But here’s what struck me about the interview. At least twice, Legault defends the good people of Rouyn against interference from pesky outsiders, including “Gabriel Nadeau-Dubois, de Montréal.” He really leans into that bit. Nadeau-Dubois is the leader of Québec Solidaire, which until Monday held the riding that contains Rouyn.
Legault could have said, “Gabriel Nadeau-Dubois, who’s a notorious socialist.” Or “Gabriel Nadeau-Dubois, who’s so woke I don’t know what he’s talking about.” Instead he went with calling his rival a Montrealer. Legault, of course, grew up in Montreal and ran an airline there. But he hides it well. After the radio interview, most of the coverage was about how cranky Legault sounded. But on Monday the CAQ candidate beat the QS incumbent four votes to three.
Legault spent the last year defending a road-and-transit tunnel under the St. Lawrence River between Quebec City and Lévis. In the face of initial outrage at the cost (and the fact that such a project encourages road traffic, judged environmentally unfriendly), he whittled the project down to a $6.5 billion price tag. This “third link” is seen in Montreal as utter folly. Even two successive mayors of Quebec City have said they don’t like it. But Legault swept the region on Monday.
As a student I worked three summer jobs in Quebec City. Folks there don’t like to be judged by Montrealers. Legault wasn’t just engaging in transit policy with his project. He was wearing a $6.5 billion Nordiques jersey.
As just about everyone is saying, the first-past-the-post electoral system did a dirty on every party that wasn’t the CAQ this year. Legault ran in 2018 on a promise to reform the electoral system. He announced, under cover of last year’s COVID lockdown, that he would ignore that promise. This year he insisted he won’t change the voting system, and cheekily, he’s now saying he’ll keep that promise.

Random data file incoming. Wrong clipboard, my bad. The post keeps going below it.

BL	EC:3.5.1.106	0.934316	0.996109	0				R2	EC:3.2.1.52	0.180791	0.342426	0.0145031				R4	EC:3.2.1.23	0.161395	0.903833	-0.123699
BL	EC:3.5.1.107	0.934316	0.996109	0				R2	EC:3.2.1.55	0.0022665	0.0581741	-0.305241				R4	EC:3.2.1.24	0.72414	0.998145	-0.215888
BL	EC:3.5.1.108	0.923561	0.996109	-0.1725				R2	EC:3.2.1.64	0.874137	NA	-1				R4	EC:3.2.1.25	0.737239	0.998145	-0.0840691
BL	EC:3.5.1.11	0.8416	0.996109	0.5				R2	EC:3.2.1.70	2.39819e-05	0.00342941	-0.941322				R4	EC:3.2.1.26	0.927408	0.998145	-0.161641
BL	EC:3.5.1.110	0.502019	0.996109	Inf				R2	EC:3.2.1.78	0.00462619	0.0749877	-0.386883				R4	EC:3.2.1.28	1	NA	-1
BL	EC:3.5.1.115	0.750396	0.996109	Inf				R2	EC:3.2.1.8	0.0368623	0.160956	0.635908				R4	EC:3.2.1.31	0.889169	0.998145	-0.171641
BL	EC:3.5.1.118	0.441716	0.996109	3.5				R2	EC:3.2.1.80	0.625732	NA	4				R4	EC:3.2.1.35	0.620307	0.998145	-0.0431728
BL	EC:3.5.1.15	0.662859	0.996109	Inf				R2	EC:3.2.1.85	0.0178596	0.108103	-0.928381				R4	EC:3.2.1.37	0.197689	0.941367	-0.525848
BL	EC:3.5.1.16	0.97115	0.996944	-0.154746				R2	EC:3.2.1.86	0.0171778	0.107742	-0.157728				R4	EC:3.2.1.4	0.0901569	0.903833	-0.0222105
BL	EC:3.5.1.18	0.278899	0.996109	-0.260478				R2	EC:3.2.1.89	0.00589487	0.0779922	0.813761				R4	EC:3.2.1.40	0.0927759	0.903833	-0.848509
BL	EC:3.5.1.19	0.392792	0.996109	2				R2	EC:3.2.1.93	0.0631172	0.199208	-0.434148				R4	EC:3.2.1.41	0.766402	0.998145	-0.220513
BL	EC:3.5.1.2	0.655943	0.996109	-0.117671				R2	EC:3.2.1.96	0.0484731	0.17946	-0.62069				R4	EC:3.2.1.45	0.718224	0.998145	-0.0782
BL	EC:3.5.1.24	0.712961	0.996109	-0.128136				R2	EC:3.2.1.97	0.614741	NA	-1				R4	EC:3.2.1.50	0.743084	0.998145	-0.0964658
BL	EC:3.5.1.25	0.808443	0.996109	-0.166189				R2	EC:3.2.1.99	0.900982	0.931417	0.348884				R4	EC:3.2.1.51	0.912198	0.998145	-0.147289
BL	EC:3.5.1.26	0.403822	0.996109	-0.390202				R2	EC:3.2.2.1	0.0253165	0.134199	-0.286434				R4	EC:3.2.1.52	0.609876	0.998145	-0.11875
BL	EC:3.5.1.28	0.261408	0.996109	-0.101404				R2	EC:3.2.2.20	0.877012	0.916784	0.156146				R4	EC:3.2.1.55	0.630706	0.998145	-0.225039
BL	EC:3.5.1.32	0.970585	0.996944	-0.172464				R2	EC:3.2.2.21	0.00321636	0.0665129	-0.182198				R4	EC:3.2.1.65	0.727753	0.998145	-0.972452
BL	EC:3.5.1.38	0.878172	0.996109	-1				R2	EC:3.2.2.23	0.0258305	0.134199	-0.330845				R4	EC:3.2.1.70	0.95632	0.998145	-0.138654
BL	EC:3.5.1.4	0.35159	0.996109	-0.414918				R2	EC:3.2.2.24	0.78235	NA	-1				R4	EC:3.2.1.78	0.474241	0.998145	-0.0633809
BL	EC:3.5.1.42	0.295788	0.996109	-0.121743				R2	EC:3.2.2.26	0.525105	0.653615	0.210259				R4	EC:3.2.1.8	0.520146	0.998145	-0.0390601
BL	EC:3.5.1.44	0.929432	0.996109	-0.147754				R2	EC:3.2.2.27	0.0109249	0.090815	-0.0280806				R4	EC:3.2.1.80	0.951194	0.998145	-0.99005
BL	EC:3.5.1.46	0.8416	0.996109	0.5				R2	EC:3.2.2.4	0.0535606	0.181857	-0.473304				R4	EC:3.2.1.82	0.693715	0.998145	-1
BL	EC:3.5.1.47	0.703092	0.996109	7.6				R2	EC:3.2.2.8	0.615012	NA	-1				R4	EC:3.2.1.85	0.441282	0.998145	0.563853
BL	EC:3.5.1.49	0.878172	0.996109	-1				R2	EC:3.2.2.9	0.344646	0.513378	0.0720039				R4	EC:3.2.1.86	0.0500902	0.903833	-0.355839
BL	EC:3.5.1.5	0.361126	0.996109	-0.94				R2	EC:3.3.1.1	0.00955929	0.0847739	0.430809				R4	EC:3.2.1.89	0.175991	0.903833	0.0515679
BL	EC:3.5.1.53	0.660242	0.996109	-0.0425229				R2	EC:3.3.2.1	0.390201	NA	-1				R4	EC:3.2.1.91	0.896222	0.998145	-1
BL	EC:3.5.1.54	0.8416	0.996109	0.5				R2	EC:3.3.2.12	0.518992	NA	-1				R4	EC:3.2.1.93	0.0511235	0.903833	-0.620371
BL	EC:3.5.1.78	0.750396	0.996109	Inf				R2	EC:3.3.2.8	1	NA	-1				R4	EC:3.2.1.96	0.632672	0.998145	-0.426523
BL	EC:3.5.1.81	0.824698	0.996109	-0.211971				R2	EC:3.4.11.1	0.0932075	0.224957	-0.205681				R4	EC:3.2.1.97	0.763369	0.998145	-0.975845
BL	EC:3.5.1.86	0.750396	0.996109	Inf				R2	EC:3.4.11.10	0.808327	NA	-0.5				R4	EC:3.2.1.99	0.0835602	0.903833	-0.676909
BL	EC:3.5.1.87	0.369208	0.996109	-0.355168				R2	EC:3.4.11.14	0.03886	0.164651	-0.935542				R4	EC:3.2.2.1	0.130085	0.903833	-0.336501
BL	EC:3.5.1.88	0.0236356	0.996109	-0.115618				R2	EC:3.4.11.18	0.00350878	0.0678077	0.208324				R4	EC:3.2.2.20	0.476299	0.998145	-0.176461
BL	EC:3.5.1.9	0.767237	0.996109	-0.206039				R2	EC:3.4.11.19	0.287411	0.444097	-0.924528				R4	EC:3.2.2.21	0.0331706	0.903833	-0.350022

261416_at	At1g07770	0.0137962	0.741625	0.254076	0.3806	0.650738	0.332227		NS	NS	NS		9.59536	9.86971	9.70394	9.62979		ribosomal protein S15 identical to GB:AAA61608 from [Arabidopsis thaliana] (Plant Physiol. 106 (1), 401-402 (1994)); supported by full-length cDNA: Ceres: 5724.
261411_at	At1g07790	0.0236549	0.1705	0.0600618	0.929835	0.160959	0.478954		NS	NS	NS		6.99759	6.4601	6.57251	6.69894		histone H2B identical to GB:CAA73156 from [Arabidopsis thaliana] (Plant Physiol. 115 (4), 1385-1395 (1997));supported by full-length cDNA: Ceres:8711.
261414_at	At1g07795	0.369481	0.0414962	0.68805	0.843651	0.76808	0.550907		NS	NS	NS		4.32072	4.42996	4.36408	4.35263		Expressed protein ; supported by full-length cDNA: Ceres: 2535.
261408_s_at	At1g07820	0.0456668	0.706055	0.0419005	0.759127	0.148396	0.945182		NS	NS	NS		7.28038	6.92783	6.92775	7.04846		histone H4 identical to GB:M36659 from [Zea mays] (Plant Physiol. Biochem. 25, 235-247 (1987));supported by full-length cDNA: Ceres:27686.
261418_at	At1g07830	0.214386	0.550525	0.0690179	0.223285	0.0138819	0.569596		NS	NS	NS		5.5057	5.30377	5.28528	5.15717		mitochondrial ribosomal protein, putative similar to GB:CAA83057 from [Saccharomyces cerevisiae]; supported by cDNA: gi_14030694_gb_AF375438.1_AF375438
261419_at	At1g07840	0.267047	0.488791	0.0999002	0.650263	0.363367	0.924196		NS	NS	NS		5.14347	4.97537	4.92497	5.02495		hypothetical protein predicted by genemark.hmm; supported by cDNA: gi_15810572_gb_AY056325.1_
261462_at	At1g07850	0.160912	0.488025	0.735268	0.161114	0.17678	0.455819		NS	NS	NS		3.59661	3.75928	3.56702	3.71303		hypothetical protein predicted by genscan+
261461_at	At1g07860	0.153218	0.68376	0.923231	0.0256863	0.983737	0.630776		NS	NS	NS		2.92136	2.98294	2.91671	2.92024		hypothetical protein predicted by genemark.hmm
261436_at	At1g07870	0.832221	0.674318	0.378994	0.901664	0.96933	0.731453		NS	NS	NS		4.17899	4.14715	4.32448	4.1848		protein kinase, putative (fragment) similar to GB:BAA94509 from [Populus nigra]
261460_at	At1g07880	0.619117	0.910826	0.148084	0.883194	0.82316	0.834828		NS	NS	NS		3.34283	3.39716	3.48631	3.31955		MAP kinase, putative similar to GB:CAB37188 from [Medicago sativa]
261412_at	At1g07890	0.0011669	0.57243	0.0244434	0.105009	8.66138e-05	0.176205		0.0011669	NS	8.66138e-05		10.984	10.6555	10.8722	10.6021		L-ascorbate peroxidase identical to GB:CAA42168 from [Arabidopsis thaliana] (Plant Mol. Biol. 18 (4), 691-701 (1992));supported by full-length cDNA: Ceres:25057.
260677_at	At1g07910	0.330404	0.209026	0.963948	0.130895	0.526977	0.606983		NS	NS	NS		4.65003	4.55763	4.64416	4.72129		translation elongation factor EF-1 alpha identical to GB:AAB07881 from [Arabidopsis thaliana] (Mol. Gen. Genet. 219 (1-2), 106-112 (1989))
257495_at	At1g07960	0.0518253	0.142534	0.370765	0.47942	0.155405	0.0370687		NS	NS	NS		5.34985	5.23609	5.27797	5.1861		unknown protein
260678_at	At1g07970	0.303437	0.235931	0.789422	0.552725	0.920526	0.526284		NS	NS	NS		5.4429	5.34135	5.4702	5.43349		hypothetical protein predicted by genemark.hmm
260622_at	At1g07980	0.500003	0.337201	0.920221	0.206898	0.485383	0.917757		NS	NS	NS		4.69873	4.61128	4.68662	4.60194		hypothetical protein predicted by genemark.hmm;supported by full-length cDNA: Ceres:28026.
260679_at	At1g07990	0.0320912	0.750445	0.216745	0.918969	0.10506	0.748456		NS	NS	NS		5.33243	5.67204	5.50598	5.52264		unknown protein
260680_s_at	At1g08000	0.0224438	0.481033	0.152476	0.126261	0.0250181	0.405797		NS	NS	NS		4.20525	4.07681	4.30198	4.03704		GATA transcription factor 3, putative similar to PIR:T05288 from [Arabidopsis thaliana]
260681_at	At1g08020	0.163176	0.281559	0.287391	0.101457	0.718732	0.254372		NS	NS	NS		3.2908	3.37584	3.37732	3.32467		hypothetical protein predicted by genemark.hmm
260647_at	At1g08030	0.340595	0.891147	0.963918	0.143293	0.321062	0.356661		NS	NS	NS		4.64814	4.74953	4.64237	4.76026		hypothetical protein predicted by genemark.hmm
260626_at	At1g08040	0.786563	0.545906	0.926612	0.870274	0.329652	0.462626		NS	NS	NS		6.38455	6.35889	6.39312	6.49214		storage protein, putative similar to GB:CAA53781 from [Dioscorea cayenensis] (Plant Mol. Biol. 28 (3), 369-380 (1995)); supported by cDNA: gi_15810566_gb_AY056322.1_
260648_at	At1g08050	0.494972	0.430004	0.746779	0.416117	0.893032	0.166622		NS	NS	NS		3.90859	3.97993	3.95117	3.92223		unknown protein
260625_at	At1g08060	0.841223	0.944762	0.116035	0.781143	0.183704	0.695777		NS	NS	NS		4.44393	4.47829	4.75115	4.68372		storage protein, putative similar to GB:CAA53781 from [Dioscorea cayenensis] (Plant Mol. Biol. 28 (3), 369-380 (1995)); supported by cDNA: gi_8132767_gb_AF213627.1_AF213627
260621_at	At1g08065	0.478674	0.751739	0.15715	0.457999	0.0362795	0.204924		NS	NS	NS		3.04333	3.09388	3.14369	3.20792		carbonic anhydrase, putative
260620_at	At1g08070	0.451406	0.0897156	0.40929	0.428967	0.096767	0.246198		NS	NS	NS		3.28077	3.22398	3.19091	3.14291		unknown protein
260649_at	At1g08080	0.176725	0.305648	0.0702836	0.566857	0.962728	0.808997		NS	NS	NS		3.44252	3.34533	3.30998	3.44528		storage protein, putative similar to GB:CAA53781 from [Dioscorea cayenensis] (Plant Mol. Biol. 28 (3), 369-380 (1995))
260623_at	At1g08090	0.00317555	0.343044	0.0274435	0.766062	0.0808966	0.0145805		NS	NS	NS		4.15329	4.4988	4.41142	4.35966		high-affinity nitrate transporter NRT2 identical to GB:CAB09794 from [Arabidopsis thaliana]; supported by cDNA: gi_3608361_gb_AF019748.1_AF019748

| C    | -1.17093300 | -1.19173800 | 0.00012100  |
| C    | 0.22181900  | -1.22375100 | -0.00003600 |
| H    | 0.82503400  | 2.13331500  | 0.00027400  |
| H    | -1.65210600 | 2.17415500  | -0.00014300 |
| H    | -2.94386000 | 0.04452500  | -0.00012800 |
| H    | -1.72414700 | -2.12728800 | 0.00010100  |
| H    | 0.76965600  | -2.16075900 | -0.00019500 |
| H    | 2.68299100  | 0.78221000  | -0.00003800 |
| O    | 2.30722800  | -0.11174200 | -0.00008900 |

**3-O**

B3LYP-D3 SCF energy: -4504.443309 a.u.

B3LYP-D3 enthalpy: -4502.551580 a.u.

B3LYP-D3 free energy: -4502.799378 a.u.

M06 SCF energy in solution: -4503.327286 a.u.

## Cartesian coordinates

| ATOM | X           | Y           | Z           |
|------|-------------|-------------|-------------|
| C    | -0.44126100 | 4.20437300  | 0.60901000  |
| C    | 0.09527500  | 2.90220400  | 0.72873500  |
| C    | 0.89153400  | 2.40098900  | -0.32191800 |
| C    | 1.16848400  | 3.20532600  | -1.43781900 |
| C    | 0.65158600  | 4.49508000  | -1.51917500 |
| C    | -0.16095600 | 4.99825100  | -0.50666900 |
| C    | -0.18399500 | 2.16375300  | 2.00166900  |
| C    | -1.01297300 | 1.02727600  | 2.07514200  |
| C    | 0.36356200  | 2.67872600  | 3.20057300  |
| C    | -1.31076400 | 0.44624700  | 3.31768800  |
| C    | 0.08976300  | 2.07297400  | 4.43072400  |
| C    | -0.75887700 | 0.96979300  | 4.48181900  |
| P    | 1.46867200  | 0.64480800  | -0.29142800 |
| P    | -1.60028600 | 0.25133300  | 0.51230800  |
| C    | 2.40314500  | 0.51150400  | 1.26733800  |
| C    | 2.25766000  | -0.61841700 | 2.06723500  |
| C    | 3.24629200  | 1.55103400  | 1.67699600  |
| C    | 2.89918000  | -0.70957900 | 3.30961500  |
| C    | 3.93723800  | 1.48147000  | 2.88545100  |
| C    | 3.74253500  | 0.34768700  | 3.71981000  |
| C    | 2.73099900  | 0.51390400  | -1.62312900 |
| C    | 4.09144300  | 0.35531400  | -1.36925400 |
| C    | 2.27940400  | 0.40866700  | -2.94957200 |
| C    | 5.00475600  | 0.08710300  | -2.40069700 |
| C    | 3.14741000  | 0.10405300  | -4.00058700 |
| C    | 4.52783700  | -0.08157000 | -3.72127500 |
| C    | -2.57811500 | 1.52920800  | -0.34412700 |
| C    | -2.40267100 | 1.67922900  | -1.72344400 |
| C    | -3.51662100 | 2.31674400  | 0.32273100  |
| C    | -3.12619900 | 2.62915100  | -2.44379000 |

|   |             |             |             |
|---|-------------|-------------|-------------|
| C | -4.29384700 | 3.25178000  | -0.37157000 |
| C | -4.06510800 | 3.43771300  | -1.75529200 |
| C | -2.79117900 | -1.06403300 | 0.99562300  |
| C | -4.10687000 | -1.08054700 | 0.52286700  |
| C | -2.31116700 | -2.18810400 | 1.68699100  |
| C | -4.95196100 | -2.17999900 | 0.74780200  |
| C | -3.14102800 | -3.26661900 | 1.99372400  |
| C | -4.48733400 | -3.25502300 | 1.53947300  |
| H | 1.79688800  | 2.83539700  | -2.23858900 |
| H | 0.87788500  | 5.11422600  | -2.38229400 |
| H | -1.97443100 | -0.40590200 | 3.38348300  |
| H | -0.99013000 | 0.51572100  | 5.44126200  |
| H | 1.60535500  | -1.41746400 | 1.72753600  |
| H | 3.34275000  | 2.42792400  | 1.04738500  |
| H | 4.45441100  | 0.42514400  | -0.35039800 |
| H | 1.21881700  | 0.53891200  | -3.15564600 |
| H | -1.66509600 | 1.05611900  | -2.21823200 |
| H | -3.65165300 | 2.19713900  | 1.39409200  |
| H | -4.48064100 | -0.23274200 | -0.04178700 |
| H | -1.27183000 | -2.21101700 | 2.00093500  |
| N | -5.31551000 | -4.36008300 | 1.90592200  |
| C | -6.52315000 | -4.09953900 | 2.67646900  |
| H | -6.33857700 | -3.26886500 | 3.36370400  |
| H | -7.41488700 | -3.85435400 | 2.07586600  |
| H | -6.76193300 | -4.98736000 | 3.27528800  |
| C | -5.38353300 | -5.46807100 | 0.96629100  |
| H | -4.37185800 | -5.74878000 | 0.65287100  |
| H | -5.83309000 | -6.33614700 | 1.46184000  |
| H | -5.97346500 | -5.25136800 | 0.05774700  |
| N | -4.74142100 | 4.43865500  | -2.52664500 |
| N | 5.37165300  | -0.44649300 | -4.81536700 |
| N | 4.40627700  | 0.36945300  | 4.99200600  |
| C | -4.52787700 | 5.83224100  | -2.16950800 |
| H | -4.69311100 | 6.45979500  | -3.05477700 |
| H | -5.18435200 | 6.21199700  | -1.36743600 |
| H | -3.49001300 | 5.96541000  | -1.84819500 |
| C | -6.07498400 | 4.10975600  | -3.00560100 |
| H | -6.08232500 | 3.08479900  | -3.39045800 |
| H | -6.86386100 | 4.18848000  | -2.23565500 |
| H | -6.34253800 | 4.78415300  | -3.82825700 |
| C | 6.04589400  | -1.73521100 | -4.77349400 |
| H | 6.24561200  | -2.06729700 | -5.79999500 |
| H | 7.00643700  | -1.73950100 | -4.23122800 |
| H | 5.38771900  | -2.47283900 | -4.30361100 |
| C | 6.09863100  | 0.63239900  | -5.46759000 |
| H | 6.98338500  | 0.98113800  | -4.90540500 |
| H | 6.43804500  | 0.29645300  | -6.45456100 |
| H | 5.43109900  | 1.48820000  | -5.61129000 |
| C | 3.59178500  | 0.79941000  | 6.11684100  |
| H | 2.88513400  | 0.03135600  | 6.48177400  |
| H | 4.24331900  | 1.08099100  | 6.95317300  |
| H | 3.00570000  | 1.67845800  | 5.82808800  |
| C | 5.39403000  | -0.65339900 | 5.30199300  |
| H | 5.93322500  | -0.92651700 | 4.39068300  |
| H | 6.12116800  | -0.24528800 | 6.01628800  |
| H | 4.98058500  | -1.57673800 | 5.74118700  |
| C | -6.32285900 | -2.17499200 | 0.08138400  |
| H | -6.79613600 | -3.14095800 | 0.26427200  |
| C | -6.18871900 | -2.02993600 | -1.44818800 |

It took about 19,000 votes to elect a CAQ MNA, about 200,000 to elect one from the Parti Québécois, and fully half a million to elect zero members of the provincial Conservative Party. When a member of the small and divided opposition stands in the National Assembly, they’ll have more voters behind them, probably frustrated voters, than members of the governing caucus. None of this is unheard-of, but it doesn’t encourage any sense that politics is fair.
The tension is aggravated by the way Legault obviously campaigned on suburban and small-town Quebec’s guesses about what Montreal must be like. A new law to protect French isn’t needed in Drummondville, nor a law to ban religious garb among public servants in Chicoutimi. And according to most voters in Montreal, they aren’t needed in Montreal either. Legault spent the campaign’s home stretch telling voters in Rouyn they wouldn’t be bossed around by someone from Montreal. But now people in Montreal will be told how to live their lives by people in Rouyn. Of course everyone concerned will deny it’s so, but they would do well to keep it in mind.
And this: Among the few Quebecers with clout in Justin Trudeau’s federal government, all except Jean-Yves Duclos come from Montreal. (Update: and Francois-Philippe Champagne, from Shawinigan by way of Cleveland.) One of Legault’s ministers said 80% of immigrants don’t work and don’t learn French. One of Trudeau’s ministers was born in Argentina. So there’s a dynamic.
One never knows how long the federal Liberals will be in government. I asked Legault about Pierre Poilievre; he said he doesn’t know the new Conservative leader, and privately his staff say the same. One of the first things they’ll learn about each other is that while Poilievre is a great advocate of the LNG Québec natural-gas project, Legault rejects it outright. So there’s another dynamic.